Analysis of “Out of Place: Indigenous knowledge in the Science Curriculum”

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   “Out of Place: Indigenous knowledge in the Science Curriculum” is a chapter of the Second International Handbook of Science Education authored by Elizabeth McKinley and Georgina Stewart (McKinley & Stewart, 2012). It was selected to integrate the Science in the Community environment for bringing an important issue for reflection: the adequate treatment of indigenous knowledge or any other local cultural knowledge in the classroom. It comprises a 14-page text inside the Part IV of the Handbook, which joins different chapters within the theme “Equity and Social Justice”.

   In the beginning of the chapter the authors give a meaning for indigenous knowledge and introduce how it has been addressed in New Zealand schools:

1st) Indigenous knowledge is a way of knowing derived from relations with a specific geographical location, which is accumulated over a long period of time;

2nd) Its treatment in the secondary-level science classes in New Zealand schools presents the problem to be superficially addressed, decontextualized and without relations with its social, historical and political aspects, assuming a distorted form as “caricature”.

   This problem points to teachers’ teaching and education:

Indigenous science education and research occurs at a nexus of complex philosophical, historical, psychological, sociological and political relationships that tend to overwhelm the focus on achievement. Unfortunately, these understandings are not held by most of science teachers, education officials, or education academics. It is on the latter group, as Graham Smith (1995) argues, that the primary responsibility lands for initiating the work towards ameliorating this lack, despite its limitations (McKinley & Stewart, 2012, p. 541).

   Indigenous science education fits into the discourse of multicultural science education, which has aroused a fierce debate in the international literature involving topics such as: its place and role in the curricula, if it is science or a distinct and equally valid form of knowledge, epistemology of science and indigenous knowledge, issues related to ecology, contributions of indigenous knowledge and others. This debate revolves largely on the need to define and distinguish key terms like “science”, “Western science”, “Indigenous science” and “school science”. The debate seems to have been initiated by the Snively & Corsiglia article (2001) published in the Science Education journal special edition on multiculturalism, as these authors considered the indigenous knowledge as being science. Although their original intention was to find a place for Traditional Ecological Knowledge in the science curricula, the problem is that it was translated by some as a rationale for inserting indigenous knowledge in the science curricula with the possibility of replacing the traditional content of science, especially in indigenous education.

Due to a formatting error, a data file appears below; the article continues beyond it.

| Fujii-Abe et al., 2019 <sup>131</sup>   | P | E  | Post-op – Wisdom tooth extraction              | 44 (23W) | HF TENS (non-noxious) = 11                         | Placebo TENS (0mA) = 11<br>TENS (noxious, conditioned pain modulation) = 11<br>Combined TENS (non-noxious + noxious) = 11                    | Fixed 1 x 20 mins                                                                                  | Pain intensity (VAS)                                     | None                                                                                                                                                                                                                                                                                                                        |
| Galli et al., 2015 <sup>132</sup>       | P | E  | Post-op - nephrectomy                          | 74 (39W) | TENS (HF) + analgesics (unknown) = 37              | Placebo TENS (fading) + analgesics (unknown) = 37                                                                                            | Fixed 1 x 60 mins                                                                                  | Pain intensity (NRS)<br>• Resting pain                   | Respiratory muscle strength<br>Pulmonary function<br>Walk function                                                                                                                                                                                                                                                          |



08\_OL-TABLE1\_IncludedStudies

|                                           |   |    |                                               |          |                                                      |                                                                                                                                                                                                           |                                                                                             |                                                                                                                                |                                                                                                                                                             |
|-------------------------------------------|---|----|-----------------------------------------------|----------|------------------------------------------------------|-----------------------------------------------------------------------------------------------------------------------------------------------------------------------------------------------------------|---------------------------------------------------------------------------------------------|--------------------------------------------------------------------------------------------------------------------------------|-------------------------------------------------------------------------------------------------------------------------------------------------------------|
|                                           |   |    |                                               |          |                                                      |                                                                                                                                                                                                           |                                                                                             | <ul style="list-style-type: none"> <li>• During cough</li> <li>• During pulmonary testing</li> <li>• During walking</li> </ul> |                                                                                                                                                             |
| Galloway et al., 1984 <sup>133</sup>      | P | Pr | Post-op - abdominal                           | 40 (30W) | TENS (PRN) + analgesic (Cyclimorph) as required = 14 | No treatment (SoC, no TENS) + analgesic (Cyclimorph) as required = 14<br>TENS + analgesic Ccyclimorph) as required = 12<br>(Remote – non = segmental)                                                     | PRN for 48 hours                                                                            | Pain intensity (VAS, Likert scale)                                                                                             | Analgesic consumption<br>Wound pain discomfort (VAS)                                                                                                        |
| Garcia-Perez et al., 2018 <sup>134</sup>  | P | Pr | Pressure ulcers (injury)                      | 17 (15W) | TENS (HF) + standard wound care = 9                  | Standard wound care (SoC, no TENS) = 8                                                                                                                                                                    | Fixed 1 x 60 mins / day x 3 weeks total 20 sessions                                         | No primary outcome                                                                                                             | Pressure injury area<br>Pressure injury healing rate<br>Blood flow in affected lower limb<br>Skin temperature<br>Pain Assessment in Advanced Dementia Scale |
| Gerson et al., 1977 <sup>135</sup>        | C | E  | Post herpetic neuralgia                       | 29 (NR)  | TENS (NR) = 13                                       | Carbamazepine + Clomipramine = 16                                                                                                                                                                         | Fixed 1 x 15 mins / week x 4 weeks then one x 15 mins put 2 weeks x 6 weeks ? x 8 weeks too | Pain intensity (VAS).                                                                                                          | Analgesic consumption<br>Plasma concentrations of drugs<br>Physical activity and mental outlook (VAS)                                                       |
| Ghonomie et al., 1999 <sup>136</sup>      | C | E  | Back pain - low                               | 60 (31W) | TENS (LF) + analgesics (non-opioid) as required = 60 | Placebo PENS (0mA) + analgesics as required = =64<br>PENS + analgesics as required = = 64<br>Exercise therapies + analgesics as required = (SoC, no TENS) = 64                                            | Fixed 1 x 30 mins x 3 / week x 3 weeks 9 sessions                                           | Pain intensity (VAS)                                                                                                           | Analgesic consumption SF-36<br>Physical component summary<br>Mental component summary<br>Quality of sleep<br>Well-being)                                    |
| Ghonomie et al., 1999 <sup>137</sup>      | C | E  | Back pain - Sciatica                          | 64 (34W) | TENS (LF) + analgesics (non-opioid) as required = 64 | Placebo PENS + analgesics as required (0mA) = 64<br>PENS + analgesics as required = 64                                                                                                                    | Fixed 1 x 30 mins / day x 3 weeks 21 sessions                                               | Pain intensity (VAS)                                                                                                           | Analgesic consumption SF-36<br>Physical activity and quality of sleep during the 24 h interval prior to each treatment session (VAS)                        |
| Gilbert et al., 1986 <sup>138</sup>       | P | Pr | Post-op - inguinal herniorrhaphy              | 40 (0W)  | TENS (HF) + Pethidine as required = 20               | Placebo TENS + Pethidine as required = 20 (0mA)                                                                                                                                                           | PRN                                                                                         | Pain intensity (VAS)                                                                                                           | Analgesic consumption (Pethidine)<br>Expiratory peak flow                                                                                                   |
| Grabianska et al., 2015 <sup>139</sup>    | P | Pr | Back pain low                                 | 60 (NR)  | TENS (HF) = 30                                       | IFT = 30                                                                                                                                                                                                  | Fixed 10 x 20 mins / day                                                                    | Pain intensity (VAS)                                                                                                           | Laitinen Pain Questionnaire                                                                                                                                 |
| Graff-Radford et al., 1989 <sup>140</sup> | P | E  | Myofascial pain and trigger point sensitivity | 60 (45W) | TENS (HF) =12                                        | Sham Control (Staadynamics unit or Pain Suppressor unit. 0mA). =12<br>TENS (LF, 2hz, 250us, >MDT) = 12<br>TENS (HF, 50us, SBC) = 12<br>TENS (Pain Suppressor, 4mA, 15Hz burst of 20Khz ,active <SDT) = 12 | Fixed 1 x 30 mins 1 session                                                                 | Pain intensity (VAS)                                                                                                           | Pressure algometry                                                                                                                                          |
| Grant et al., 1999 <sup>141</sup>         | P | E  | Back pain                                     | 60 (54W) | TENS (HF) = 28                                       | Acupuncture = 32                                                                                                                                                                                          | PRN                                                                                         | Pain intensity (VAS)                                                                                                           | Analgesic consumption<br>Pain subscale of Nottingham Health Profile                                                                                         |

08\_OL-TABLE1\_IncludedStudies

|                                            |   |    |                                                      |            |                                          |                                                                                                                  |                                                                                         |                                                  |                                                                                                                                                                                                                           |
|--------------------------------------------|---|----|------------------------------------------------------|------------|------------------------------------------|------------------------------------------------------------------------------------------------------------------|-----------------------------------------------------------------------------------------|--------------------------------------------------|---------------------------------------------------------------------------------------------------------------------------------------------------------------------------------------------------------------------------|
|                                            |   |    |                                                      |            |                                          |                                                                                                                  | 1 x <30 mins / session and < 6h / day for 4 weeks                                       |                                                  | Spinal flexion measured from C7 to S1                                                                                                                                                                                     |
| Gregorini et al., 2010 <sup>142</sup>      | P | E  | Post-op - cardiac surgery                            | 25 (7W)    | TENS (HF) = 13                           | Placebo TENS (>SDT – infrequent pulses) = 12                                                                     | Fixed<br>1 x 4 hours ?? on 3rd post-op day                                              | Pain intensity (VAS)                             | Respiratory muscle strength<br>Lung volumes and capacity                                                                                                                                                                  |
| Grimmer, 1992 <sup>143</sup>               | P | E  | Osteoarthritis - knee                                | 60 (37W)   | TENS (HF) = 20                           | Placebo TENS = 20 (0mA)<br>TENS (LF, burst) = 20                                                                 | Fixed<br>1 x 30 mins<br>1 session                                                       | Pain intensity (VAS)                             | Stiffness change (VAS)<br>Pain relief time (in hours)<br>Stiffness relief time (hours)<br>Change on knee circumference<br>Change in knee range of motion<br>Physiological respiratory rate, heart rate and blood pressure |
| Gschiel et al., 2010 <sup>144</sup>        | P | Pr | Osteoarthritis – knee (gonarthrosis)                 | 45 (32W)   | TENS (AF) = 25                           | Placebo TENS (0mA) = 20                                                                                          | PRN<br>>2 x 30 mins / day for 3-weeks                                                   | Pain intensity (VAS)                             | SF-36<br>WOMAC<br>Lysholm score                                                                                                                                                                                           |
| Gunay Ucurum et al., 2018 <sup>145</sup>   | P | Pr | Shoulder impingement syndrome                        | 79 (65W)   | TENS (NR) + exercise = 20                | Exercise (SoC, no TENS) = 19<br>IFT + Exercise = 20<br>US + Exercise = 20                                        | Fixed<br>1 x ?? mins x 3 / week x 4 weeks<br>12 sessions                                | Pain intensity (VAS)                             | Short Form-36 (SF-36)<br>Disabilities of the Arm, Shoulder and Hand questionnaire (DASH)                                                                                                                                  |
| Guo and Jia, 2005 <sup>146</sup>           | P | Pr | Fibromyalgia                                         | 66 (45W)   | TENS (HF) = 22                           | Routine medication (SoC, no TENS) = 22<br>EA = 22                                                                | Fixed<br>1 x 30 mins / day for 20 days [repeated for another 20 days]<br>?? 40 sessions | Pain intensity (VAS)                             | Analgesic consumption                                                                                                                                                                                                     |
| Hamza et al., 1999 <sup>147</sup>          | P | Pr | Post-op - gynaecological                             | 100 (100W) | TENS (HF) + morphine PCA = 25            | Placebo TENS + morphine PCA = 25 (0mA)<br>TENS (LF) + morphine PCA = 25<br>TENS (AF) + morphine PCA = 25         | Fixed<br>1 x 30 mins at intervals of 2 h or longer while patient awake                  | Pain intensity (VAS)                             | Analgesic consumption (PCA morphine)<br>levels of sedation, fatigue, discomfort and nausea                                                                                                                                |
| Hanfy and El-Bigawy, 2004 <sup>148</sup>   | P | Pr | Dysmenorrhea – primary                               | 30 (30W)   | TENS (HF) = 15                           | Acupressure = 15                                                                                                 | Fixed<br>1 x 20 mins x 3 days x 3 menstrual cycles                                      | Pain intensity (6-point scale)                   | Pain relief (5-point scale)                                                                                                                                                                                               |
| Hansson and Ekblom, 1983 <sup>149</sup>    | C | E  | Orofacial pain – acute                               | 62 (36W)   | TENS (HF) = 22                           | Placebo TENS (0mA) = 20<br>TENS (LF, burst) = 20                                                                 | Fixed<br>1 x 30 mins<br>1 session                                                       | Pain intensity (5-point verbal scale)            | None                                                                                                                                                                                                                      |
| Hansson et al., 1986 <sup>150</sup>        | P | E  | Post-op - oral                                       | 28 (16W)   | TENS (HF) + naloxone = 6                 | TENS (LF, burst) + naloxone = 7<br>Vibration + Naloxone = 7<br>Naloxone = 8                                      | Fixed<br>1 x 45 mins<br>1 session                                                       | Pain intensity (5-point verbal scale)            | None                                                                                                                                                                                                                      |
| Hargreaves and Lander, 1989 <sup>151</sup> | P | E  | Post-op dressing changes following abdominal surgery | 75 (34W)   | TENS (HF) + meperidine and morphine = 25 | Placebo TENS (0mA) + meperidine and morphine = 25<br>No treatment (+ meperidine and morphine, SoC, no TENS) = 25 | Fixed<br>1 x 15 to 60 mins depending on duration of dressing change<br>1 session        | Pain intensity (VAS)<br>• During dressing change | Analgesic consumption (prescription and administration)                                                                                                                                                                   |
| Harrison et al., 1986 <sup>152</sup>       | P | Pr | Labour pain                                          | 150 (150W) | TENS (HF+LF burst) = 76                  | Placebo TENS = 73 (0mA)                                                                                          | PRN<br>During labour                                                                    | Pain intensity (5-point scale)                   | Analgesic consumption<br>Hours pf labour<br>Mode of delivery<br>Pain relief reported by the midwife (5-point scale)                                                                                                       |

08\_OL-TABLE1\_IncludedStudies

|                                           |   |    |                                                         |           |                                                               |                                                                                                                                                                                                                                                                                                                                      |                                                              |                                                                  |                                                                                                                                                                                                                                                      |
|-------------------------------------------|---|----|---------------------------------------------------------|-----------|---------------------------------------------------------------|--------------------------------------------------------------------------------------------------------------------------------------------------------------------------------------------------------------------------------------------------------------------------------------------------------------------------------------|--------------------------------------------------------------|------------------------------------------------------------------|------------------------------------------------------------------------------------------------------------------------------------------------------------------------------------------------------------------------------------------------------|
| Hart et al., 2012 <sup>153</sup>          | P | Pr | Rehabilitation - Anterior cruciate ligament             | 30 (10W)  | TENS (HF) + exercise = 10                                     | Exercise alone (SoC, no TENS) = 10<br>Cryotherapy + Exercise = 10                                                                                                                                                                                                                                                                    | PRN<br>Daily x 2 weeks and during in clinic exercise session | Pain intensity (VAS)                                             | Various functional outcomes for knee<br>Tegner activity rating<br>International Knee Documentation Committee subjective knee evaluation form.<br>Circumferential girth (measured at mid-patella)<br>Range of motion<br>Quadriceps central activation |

Mckinley and Stewart note that although the literature in the field of indigenous science education has expanded recently, the theoretical issues underlying the relationship between indigenous knowledge and science have not yet been completely resolved, there are few reports of actual experiences in classrooms and there is still the problem of indigenous students’ failure in science. There is also in this literature a tendency to see the science teacher as a “culture broker” who promotes border crossings between culturally distinct knowledges. The authors also mention the existence of differentiated and pioneering experiences in the world. In New Zealand, for example, since 1980 there have been movements to integrate the indigenous culture of the Māori in the curricula, both in English language as Māori language schools. This group is the native population of this country since before its colonization by the British and currently accounts for around 14% of the total number of inhabitants in the Aotearoa, in Māori language.

   The chapter of the Second Handbook shows the results of a survey on participation and achievement of Māori students involving three English language schools with 30-45% of Māori students and a Māori language school with 100% indigenous students. The researchers interviewed high school students and 18 teachers of science and mathematics. Before addressing the results of the inquiry, they characterize the research field of indigenous science education and describe a review of the main publications, themes and countries where researches have been developed: Canada, Australia, Aotearoa New Zealand and more recently the United States (Alaska and Hawaii), Africa and Japan.